Here's something special: the novel about the Battle of Trafalgar that C.S. Forester never wrote for his naval hero, Horatio Hornblower. However, instead of putting Hornblower in the history-changing battle, Forester acolyte Cornwell uses his own hero, soldier Richard Sharpe. It's 1805, and Sharpe now a commissioned officer is on his way home from India when some reasonably plausible events put him aboard a British ship of the line, which happens to reach the coast of Spain just as Admiral Nelson is preparing to attack France and Spain's combined fleets. The ensuing naval action is as fine as anything Forester ever wrote, and Hornblower himself would have been proud of Sharpe's conduct. It's all rollicking great fun, with generous dollops of real military history thrown in. William Gaminara's energetic reading helps to make this a can't-miss acquisition for general collections. R. Kent Rasmussen, Thousand Oaks, CA Copyright 2001 Cahners Business Information.
Kirkus Reviews
One might think Cape Cod's Cornwell is universally admired for his British historicals featuring Richard Sharpe, whose career Cornwell captures in back-and-forth leapfrog fashion from 1799 to 1821, filling in whatever years he chooses (Sharpe's Triumph, 1999, set in India, 1803). But many international fans complain that their particular country—Holland, France, Spain—has been presented most foully by him, especially at the battle of Waterloo. This one takes up Sharpe's adventures in Spain 1805 and is the first Sharpe story set at sea (where, Cornwell admits, Sharpe has no place being) and shows how Nelson abandons old methods of attack and chops the French line of battle into three pieces. A mug of port, a wedge of blue-veined cheese, and some hard sea-biscuits for the master. Author tour
The Economist
“The direct heir to Patrick O’Brian.”

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Product Details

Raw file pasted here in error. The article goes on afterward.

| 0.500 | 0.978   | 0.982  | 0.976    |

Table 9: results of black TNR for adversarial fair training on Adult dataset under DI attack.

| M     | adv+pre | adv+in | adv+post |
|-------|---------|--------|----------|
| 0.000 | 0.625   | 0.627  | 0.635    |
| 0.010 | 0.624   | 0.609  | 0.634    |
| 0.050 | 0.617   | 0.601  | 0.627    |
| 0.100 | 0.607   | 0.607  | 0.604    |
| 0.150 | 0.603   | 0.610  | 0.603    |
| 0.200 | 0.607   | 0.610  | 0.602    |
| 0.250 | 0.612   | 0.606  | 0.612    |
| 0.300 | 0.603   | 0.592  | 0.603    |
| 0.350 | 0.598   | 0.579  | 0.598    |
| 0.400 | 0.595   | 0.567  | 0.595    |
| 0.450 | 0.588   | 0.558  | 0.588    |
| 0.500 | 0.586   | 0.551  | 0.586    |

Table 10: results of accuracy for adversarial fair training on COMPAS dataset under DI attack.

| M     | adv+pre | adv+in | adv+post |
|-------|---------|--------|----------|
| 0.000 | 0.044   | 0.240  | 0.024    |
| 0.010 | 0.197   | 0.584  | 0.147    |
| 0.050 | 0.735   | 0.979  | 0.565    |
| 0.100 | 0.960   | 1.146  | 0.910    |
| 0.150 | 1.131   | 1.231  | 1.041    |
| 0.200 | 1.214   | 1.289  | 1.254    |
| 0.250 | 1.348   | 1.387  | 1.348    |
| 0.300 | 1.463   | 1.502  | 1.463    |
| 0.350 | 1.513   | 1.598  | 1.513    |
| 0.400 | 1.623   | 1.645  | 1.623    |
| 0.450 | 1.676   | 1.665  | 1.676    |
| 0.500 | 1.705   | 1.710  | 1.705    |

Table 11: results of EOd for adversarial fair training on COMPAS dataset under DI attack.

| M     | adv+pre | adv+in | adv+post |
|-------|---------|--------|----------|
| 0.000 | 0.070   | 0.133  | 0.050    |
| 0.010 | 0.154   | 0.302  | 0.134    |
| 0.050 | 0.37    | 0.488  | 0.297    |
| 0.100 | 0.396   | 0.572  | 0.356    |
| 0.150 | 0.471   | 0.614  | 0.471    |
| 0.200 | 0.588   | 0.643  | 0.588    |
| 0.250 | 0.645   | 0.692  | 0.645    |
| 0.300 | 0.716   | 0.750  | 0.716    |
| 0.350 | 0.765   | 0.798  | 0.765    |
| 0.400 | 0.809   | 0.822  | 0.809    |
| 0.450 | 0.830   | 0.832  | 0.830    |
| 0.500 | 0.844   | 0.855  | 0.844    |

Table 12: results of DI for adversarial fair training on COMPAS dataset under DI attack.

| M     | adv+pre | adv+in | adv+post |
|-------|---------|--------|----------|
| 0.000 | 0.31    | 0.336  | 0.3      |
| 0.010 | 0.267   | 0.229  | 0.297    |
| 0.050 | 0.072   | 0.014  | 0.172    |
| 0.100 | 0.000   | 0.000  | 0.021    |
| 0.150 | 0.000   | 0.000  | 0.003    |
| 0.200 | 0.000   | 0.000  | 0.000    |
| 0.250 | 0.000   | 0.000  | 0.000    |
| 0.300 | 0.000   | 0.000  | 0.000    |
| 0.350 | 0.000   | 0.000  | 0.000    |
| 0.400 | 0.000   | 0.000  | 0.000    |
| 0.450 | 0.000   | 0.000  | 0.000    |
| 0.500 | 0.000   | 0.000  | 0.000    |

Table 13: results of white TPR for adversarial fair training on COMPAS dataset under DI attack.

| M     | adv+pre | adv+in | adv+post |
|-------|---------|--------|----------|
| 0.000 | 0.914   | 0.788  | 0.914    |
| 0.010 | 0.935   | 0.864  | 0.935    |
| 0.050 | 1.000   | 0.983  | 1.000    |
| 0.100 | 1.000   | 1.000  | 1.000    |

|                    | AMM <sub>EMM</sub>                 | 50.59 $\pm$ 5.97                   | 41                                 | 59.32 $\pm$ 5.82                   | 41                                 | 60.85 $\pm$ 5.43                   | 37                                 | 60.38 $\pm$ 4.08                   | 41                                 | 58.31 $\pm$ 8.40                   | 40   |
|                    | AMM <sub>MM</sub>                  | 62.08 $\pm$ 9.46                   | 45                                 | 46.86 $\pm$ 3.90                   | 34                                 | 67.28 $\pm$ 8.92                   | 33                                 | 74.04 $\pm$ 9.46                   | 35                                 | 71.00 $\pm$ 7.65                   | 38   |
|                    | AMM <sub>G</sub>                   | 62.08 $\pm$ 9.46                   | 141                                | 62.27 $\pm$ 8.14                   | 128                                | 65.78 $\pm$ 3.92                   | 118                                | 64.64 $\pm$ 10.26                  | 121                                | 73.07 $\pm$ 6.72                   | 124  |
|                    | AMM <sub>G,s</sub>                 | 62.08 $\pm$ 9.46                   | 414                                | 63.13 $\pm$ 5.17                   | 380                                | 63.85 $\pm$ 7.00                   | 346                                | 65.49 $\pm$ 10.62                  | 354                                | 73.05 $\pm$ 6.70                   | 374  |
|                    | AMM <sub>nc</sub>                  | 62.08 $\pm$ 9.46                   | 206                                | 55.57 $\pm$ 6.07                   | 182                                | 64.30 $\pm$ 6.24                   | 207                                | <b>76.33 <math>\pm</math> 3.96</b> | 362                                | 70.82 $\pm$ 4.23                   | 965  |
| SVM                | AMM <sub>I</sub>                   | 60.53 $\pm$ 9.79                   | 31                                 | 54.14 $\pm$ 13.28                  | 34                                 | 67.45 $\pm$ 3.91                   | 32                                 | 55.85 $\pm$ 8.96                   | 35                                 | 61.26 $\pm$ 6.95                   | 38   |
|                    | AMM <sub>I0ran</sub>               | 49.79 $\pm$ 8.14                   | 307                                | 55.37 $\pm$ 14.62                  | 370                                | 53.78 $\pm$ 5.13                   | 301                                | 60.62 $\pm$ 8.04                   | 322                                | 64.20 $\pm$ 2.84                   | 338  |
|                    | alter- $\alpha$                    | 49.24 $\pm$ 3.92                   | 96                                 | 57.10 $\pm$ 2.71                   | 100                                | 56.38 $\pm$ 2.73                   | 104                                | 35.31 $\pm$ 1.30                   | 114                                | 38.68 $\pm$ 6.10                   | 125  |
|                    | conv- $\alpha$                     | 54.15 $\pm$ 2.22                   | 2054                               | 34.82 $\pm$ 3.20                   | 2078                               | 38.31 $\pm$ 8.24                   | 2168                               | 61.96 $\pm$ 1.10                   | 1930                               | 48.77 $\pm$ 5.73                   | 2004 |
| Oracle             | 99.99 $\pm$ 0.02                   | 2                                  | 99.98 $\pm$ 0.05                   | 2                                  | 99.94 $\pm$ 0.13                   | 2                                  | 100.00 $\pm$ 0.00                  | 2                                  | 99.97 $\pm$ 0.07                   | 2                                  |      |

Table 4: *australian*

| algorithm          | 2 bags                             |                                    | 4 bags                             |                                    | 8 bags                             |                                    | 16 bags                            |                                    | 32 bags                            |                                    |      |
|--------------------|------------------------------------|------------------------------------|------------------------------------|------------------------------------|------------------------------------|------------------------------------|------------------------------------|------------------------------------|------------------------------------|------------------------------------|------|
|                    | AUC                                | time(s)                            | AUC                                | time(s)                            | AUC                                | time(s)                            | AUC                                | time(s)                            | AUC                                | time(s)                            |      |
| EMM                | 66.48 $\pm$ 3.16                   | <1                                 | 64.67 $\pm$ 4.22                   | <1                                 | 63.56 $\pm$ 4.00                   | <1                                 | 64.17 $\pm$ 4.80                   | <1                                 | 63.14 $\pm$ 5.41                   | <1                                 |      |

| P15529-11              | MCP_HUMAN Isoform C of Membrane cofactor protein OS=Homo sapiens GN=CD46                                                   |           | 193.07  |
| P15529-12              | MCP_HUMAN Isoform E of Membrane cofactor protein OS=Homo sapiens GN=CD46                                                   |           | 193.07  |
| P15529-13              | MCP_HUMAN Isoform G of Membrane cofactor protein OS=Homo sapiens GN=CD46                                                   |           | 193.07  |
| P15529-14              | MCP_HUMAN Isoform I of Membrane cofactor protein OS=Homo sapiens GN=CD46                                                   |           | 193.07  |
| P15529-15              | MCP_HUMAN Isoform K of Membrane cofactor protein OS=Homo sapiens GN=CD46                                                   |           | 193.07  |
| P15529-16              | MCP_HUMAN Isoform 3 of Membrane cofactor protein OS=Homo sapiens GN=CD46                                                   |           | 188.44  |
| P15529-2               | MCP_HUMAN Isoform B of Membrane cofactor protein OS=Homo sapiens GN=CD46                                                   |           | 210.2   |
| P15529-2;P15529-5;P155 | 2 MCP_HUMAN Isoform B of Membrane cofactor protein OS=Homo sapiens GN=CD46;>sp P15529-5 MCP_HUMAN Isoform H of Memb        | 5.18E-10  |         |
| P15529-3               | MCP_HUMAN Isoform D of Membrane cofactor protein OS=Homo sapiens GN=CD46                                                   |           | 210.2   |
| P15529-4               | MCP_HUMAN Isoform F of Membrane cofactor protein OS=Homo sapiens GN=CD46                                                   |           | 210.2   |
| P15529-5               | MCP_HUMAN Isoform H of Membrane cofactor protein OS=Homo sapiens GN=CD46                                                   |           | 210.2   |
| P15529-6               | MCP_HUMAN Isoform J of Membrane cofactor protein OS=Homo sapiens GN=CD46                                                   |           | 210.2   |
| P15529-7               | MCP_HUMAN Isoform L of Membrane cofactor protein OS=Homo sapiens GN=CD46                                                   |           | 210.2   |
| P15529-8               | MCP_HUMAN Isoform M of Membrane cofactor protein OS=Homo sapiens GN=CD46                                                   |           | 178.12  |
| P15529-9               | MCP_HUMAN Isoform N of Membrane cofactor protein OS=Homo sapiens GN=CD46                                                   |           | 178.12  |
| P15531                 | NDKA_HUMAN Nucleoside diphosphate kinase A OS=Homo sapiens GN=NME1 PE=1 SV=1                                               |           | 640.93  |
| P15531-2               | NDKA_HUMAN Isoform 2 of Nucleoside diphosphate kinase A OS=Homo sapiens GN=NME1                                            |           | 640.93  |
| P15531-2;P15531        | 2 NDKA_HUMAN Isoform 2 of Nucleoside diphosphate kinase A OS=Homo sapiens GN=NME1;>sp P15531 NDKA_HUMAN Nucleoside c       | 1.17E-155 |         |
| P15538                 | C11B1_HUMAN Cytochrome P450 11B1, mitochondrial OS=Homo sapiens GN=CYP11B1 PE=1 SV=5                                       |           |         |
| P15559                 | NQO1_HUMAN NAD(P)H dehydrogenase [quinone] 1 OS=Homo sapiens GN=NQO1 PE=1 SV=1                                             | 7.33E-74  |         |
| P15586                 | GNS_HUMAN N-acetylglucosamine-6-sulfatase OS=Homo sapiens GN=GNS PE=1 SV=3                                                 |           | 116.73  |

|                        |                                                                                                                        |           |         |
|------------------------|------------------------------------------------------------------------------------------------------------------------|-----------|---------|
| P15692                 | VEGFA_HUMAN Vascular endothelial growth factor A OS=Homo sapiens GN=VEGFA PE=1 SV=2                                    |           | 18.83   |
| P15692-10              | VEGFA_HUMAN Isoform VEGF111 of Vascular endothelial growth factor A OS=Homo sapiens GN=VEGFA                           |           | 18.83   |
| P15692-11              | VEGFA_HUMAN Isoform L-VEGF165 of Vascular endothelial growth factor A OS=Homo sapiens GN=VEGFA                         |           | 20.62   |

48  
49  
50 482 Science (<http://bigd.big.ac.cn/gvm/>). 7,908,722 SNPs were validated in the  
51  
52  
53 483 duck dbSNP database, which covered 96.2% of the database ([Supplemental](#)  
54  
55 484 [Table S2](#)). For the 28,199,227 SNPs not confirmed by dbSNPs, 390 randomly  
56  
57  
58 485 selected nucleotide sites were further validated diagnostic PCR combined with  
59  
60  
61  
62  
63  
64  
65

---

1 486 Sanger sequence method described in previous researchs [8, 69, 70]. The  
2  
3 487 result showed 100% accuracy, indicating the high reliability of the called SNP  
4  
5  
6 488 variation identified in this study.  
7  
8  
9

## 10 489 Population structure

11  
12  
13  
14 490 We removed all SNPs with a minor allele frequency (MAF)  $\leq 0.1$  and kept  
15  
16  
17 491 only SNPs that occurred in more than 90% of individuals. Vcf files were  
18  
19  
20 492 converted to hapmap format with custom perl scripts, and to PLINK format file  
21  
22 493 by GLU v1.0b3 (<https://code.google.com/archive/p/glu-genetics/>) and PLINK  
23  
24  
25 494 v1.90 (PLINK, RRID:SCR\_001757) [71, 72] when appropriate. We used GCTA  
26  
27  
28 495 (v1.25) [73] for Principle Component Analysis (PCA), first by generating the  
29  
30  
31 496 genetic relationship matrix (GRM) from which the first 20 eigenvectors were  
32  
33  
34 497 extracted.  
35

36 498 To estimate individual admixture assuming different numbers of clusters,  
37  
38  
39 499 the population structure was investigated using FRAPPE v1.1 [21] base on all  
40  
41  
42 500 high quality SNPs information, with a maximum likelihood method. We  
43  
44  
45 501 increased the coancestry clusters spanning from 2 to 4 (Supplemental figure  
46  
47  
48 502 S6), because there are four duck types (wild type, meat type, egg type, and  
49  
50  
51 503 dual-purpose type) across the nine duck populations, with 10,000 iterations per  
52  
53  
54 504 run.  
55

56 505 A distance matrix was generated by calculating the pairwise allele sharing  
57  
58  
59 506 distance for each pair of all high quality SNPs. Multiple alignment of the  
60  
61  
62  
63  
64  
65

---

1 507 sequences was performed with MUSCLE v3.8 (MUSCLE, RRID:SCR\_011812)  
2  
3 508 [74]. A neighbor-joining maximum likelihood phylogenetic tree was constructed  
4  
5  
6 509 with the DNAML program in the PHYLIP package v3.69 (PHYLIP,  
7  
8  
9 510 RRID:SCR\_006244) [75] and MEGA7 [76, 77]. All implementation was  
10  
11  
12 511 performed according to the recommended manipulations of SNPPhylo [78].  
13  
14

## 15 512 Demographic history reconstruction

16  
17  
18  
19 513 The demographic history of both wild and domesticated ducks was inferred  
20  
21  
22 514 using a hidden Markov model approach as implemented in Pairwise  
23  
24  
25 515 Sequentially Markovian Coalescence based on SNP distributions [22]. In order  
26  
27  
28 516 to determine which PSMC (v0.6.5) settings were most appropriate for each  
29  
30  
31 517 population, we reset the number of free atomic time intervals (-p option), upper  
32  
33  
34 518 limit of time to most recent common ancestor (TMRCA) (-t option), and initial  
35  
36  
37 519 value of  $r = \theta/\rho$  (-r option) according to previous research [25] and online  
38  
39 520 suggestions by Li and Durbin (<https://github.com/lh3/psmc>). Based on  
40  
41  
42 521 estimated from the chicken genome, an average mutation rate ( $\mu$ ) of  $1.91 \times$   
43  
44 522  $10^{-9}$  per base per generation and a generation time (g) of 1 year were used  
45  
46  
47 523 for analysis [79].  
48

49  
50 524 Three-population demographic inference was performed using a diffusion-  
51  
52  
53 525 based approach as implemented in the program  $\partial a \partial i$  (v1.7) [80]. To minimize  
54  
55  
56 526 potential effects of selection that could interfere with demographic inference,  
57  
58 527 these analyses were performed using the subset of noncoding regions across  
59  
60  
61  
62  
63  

ISBN-13:
9780061751738
Publisher:
HarperCollins Publishers
Publication date:
03/17/2009
Series:
Sharpe Series , #4
Sold by:
HARPERCOLLINS
Format:
NOOK Book
Pages:
320
Sales rank:
37,245
File size:
639 KB

Read an Excerpt

Chapter One

"A hundred and fifteen rupees," Ensign Richard Sharpe said, counting the money onto the table.

Nana Rao hissed in disapproval, rattled some beads along the wire bars of his abacus and shook his head. "A hundred and thirty-eight rupees, sahib."

"One hundred and bloody fifteen!" Sharpe insisted. "It were fourteen pounds, seven shillings and threepence ha'penny."

Nana Rao examined his customer, gauging whether to continue the argument. He saw a young officer, a mere ensign of no importance, but this lowly Englishman had a very hard face, a scar on his right cheek and showed no apprehension of the two hulking bodyguards who protected Nana Rao and his warehouse. "A hundred and fifteen, as you say," the merchant conceded, scooping the coins into a large black cash box. He offered Sharpe an apologetic shrug. "I get older, sahib, and find I cannot count!"

"You can count, all right," Sharpe said, "but you reckon I can't."

"But you will be very happy with your purchases," Nana Rao said, for Sharpe had just become the possessor of a hanging bed, two blankets, a teak traveling chest, a lantern and a box of candles, a hogshead of arrack, a wooden bucket, a box of soap, another of tobacco, and a brass and elmwood filtering machine which he had been assured would render water from the filthiest barrels stored in the bottom-most part of a ship's hold into the sweetest and most palatable liquid.

Nana Rao had demonstrated the filtering machine which he claimed had been brought out from London as part of the baggage of a director of the East India Company who had insisted on only the finest equipment. "You put the waterhere, see?" The merchant had poured a pint or so of turbid water into the brass upper chamber. "And then you allow the water to settle, Mister Sharpe. In five minutes it will be as clear as glass. You observe?" He lifted the upper container to show water dripping from the packed muslin layers of the filter. "I have myself cleaned the filter, Mister Sharpe, and I will warrant the item's efficiency. It would be a miserable pity to die of mud blockage in the bowel because you would not buy this thing."